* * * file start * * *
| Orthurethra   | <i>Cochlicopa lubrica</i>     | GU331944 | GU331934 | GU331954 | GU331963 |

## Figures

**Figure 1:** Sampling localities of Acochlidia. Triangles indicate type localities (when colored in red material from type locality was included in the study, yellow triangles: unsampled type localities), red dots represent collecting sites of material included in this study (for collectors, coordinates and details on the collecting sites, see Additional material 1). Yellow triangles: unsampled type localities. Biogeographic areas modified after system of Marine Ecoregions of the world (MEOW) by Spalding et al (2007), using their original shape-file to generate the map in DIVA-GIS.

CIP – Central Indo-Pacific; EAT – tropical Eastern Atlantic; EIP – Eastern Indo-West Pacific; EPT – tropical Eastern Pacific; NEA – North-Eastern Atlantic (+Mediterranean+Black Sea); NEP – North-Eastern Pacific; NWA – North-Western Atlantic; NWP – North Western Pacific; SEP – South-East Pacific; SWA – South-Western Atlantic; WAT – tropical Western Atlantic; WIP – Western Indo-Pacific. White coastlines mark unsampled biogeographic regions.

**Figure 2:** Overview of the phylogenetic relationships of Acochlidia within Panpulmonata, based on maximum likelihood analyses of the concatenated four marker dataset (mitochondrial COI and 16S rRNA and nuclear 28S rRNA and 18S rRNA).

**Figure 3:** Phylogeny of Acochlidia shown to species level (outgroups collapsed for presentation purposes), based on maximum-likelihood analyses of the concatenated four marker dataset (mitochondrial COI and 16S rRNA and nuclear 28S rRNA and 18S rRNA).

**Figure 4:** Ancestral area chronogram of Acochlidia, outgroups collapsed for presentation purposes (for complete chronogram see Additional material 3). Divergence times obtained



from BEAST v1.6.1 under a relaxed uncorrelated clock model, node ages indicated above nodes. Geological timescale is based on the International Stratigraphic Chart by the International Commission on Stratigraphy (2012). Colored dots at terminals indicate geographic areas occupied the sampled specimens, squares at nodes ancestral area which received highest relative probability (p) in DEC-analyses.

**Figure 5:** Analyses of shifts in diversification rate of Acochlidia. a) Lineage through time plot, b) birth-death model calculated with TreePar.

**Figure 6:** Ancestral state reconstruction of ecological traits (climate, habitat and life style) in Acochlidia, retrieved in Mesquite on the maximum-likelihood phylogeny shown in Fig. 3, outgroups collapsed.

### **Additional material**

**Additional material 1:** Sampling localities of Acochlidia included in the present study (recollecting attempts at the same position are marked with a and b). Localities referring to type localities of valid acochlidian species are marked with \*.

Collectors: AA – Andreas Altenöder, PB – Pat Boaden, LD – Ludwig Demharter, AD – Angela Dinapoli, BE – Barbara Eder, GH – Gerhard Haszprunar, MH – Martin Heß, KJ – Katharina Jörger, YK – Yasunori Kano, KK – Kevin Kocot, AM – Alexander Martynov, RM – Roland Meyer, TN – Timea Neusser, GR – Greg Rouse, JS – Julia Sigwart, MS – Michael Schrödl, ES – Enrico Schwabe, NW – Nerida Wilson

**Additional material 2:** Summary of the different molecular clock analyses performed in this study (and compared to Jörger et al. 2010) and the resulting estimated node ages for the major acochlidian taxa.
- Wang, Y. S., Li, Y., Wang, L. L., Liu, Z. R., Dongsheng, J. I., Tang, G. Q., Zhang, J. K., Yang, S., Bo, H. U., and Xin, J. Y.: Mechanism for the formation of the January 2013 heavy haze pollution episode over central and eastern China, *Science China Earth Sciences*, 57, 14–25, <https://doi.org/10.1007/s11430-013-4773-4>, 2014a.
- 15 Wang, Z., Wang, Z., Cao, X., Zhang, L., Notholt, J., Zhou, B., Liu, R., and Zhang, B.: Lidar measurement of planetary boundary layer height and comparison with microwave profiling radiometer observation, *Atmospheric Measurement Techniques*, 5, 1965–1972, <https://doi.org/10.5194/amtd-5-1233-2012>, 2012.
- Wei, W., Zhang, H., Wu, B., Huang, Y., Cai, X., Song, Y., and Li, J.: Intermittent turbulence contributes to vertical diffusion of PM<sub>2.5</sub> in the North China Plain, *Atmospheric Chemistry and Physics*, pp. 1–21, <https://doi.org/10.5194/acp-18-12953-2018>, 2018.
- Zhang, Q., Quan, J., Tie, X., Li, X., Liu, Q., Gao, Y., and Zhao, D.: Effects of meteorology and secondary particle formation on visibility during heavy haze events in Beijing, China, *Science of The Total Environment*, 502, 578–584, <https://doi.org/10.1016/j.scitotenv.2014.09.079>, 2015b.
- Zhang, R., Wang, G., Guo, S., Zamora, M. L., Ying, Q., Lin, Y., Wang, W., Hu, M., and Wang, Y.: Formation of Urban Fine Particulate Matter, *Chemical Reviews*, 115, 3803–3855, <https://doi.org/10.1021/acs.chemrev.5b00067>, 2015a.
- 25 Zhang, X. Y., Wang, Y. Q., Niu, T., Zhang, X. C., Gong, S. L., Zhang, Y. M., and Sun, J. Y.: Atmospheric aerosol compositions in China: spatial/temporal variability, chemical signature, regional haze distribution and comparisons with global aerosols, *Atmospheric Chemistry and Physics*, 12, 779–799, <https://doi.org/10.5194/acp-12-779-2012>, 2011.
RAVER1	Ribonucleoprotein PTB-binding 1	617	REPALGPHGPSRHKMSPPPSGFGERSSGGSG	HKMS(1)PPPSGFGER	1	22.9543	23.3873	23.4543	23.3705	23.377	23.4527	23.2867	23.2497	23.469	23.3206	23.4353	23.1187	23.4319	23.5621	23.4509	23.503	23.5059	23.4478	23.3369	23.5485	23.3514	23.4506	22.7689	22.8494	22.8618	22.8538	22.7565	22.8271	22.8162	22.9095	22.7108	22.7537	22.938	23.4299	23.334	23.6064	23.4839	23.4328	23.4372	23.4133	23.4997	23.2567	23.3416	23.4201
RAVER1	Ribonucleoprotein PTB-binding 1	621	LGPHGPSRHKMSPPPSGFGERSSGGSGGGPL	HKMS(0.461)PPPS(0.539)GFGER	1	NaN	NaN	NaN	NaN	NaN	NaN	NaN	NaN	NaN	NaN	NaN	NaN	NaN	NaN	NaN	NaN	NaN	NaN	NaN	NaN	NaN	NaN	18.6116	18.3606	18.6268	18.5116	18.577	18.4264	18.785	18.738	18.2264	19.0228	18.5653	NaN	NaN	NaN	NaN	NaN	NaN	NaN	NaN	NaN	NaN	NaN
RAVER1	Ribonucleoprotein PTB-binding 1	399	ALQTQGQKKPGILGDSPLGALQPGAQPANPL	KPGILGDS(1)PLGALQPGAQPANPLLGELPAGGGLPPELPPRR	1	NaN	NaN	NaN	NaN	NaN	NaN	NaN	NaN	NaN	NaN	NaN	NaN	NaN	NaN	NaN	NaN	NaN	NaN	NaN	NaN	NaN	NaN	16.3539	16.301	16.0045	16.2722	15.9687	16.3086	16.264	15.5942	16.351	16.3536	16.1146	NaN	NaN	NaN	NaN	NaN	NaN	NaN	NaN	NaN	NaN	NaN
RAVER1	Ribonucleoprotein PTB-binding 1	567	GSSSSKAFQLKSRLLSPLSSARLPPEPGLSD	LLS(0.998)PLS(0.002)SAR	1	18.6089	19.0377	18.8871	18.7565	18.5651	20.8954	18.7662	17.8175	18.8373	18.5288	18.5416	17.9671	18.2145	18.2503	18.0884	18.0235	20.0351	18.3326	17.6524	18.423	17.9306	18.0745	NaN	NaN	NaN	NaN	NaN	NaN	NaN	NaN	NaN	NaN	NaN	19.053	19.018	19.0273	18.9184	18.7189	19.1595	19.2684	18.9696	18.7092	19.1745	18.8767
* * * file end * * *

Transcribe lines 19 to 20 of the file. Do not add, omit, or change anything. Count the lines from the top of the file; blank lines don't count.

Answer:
- Zhang, R., Wang, G., Guo, S., Zamora, M. L., Ying, Q., Lin, Y., Wang, W., Hu, M., and Wang, Y.: Formation of Urban Fine Particulate Matter, *Chemical Reviews*, 115, 3803–3855, <https://doi.org/10.1021/acs.chemrev.5b00067>, 2015a.
- 25 Zhang, X. Y., Wang, Y. Q., Niu, T., Zhang, X. C., Gong, S. L., Zhang, Y. M., and Sun, J. Y.: Atmospheric aerosol compositions in China: spatial/temporal variability, chemical signature, regional haze distribution and comparisons with global aerosols, *Atmospheric Chemistry and Physics*, 12, 779–799, <https://doi.org/10.5194/acp-12-779-2012>, 2011.